2. Foster Self-Advocacy

Educators must be advocates for themselves and their students. Encourage your child to develop self-advocacy skills by personally engaging with professors, seeking academic support when needed, and actively participating in campus activities. By fostering self-advocacy, you are preparing them for the responsibilities they will have as teachers, ensuring they can effectively support and empower their own future students. Additionally, understand that all college students – even those under the age of 18 – are considered ‘educationally emancipated’ and are expected to independently interact with faculty members in discussions regarding their academics.

3. Provide Emotional Support

Transitioning to college life can be overwhelming for many students, and your emotional support can make all the difference. Listen to their concerns, fears, and triumphs. Offer encouragement, reassurance, and a sympathetic ear when they face challenges, and let them know that you understand that mistakes will be made along the way yet it’s their job to seek solutions during hard times. Knowing that they have a strong support system will give them the confidence to persevere and grow.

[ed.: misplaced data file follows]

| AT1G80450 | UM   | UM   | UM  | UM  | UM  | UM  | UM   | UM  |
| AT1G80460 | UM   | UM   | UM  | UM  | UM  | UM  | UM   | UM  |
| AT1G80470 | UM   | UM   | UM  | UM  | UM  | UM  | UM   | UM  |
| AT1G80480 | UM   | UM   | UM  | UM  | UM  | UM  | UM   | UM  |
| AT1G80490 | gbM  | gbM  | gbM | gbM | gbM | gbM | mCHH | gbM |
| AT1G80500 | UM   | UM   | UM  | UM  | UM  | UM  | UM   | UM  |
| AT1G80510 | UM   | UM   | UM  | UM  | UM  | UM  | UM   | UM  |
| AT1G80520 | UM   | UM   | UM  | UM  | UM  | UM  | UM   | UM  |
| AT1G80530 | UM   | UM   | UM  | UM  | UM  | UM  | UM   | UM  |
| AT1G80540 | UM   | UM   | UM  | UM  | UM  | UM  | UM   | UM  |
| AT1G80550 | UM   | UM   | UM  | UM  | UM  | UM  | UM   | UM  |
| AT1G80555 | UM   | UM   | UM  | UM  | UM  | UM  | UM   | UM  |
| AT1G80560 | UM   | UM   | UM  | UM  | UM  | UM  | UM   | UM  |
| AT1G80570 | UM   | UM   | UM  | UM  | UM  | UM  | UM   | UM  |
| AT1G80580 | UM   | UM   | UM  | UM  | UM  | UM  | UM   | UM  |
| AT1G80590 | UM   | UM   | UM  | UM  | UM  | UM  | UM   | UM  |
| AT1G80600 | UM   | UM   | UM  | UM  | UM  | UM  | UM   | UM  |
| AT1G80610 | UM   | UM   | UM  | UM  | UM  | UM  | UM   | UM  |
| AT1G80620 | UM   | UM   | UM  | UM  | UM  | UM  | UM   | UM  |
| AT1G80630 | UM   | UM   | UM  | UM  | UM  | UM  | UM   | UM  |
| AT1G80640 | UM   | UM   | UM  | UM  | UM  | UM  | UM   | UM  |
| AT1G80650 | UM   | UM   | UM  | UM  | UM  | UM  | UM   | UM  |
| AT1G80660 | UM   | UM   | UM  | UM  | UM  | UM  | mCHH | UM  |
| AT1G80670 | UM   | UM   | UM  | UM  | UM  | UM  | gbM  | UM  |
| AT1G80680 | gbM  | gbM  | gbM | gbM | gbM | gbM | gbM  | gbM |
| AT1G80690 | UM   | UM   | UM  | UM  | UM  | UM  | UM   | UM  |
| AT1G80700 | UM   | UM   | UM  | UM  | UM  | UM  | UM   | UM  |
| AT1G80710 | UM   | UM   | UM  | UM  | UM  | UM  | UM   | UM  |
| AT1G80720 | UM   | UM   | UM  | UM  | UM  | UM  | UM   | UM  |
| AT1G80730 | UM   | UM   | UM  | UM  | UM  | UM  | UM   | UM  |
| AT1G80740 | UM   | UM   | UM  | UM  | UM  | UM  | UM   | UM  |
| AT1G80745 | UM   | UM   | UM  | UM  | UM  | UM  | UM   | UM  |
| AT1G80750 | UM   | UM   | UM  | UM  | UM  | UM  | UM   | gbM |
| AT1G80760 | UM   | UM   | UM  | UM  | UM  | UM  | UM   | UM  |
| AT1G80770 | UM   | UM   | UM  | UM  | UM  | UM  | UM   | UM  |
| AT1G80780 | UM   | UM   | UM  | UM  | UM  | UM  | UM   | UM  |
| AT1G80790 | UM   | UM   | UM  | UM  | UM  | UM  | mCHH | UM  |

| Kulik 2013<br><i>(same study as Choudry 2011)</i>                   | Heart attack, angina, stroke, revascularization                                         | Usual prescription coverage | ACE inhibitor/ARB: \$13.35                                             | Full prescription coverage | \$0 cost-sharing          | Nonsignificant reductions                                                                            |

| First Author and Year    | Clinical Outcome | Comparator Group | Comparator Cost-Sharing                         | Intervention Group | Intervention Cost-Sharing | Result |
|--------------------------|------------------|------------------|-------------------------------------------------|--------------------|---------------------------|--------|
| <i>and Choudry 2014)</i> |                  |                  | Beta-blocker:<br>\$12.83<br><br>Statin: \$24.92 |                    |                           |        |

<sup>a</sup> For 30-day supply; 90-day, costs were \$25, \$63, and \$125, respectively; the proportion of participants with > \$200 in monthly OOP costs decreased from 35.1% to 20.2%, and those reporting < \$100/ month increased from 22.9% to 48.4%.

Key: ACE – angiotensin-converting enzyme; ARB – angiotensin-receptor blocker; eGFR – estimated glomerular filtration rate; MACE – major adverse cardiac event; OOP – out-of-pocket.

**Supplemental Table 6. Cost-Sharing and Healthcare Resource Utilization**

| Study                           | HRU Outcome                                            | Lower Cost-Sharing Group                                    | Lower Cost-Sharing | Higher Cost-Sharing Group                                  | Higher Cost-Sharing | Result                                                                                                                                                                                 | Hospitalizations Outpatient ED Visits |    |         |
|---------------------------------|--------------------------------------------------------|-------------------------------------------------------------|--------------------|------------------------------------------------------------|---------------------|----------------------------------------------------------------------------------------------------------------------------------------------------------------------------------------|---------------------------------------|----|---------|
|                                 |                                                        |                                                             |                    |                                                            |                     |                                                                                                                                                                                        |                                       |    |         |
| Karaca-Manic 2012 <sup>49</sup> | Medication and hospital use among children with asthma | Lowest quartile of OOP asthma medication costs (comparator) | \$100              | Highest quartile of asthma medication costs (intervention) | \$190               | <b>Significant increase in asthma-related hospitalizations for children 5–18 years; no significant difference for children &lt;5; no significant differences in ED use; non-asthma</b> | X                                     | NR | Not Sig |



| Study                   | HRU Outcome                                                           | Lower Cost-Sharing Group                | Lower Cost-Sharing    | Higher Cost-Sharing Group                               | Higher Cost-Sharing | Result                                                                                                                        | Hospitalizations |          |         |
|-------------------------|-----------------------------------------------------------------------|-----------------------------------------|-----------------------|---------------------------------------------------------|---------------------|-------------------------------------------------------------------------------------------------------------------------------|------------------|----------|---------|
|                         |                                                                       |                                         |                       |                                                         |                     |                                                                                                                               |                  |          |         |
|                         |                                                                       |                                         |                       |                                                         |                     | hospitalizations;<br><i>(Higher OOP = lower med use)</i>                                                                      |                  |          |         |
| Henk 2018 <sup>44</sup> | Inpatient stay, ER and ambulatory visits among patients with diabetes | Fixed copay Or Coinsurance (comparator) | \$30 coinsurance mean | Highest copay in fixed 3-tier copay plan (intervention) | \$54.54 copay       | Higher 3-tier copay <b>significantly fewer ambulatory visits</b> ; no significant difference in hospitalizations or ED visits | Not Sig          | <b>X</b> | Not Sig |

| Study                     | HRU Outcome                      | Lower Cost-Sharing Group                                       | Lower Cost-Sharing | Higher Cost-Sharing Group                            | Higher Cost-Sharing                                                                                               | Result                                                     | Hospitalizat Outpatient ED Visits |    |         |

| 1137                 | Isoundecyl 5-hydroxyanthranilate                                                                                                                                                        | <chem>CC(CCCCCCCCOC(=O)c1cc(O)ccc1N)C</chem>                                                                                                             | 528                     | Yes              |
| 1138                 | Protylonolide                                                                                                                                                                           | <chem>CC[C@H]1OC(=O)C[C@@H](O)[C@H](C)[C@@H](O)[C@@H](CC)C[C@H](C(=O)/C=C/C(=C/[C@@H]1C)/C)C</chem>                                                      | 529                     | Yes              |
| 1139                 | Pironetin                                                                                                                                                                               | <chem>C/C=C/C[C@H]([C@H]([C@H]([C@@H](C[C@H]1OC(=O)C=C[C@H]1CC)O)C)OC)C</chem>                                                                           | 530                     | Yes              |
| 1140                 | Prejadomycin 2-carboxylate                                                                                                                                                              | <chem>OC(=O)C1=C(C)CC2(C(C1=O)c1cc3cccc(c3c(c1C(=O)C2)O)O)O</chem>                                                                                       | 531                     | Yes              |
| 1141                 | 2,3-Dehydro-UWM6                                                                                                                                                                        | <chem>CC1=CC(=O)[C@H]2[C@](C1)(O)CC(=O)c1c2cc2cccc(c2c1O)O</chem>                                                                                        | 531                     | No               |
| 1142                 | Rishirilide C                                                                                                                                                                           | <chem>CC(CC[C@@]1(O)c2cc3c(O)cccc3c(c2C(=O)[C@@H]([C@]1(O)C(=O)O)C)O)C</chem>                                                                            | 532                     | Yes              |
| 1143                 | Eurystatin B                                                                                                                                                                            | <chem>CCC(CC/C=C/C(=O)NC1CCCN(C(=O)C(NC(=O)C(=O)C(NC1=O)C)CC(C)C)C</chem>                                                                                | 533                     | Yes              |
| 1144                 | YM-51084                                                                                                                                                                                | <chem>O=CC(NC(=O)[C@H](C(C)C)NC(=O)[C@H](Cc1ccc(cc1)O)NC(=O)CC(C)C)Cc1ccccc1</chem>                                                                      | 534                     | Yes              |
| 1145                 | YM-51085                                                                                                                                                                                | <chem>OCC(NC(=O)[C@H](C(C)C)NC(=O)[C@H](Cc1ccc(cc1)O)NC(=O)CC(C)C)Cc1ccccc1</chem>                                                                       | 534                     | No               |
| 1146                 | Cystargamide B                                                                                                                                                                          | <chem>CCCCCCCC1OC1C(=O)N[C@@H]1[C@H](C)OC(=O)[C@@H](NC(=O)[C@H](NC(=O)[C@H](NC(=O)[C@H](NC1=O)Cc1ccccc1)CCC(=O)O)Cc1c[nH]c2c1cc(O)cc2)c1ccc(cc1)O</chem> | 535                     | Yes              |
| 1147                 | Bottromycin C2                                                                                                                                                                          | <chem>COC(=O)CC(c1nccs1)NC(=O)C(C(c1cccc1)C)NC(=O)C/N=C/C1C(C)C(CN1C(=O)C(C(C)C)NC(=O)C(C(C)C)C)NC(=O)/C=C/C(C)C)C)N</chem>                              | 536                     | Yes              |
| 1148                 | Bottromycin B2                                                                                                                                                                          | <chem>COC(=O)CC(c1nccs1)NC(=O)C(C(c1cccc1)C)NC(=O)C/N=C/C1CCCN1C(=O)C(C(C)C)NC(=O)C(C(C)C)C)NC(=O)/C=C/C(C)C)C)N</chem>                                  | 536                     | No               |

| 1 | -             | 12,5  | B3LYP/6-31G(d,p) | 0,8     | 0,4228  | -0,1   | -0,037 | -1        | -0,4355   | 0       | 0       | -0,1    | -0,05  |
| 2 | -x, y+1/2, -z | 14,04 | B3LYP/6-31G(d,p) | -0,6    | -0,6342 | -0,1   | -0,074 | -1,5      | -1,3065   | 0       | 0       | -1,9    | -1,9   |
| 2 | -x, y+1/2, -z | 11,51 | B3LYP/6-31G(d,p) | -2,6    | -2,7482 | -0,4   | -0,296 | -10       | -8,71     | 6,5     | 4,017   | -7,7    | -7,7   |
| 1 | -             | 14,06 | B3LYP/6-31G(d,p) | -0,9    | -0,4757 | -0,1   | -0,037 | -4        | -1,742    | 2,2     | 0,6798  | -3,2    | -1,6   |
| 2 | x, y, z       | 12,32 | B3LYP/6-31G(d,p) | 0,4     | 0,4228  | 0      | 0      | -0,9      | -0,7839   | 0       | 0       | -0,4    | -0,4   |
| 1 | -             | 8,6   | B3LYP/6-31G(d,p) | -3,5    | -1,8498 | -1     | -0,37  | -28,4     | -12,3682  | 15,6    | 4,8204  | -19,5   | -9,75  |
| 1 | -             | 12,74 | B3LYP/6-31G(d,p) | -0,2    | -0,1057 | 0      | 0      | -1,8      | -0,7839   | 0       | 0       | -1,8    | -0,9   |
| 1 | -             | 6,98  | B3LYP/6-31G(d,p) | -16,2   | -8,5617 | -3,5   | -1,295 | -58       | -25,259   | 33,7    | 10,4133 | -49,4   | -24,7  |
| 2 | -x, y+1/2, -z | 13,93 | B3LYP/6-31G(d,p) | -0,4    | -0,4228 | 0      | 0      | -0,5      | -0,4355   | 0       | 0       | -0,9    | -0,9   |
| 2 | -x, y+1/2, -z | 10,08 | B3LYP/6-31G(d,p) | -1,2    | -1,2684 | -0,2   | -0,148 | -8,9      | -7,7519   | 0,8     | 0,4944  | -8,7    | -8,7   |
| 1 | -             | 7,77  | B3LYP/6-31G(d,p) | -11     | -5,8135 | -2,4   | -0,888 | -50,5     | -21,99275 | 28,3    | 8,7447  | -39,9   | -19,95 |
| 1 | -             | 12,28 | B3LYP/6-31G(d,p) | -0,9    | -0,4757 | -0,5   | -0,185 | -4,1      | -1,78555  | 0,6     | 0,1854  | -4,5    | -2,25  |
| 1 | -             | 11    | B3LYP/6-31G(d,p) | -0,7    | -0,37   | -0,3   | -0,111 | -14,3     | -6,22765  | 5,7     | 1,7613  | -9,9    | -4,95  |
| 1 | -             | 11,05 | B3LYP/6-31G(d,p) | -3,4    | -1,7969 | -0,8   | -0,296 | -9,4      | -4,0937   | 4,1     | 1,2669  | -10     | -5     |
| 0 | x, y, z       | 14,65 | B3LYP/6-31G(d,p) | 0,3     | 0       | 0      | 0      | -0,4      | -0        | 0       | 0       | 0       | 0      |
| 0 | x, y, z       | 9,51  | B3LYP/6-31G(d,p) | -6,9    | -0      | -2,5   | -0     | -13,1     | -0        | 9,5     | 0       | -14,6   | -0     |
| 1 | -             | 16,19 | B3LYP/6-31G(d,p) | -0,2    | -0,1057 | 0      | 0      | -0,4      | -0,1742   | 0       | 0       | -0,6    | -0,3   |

4. Promote Work-Life Balance

Teaching is a demanding profession that requires a healthy work-life balance. Help your child establish healthy habits early on. Encourage them to manage their time wisely, prioritize self-care, and engage in activities that bring them joy and relaxation. With that said, college-level academic work requires more consistent and intense engagement than high school and setting aside specific time in one’s schedule for daily reading/studying is necessary to prevent cramming and all-nighters later. Modeling a balanced lifestyle will reinforce the importance of self-care and help them avoid burnout in their future careers. In turn, modeling what you as a parent are doing to maintain your work-life balance as you move into this new stage of having a college-attending child is important.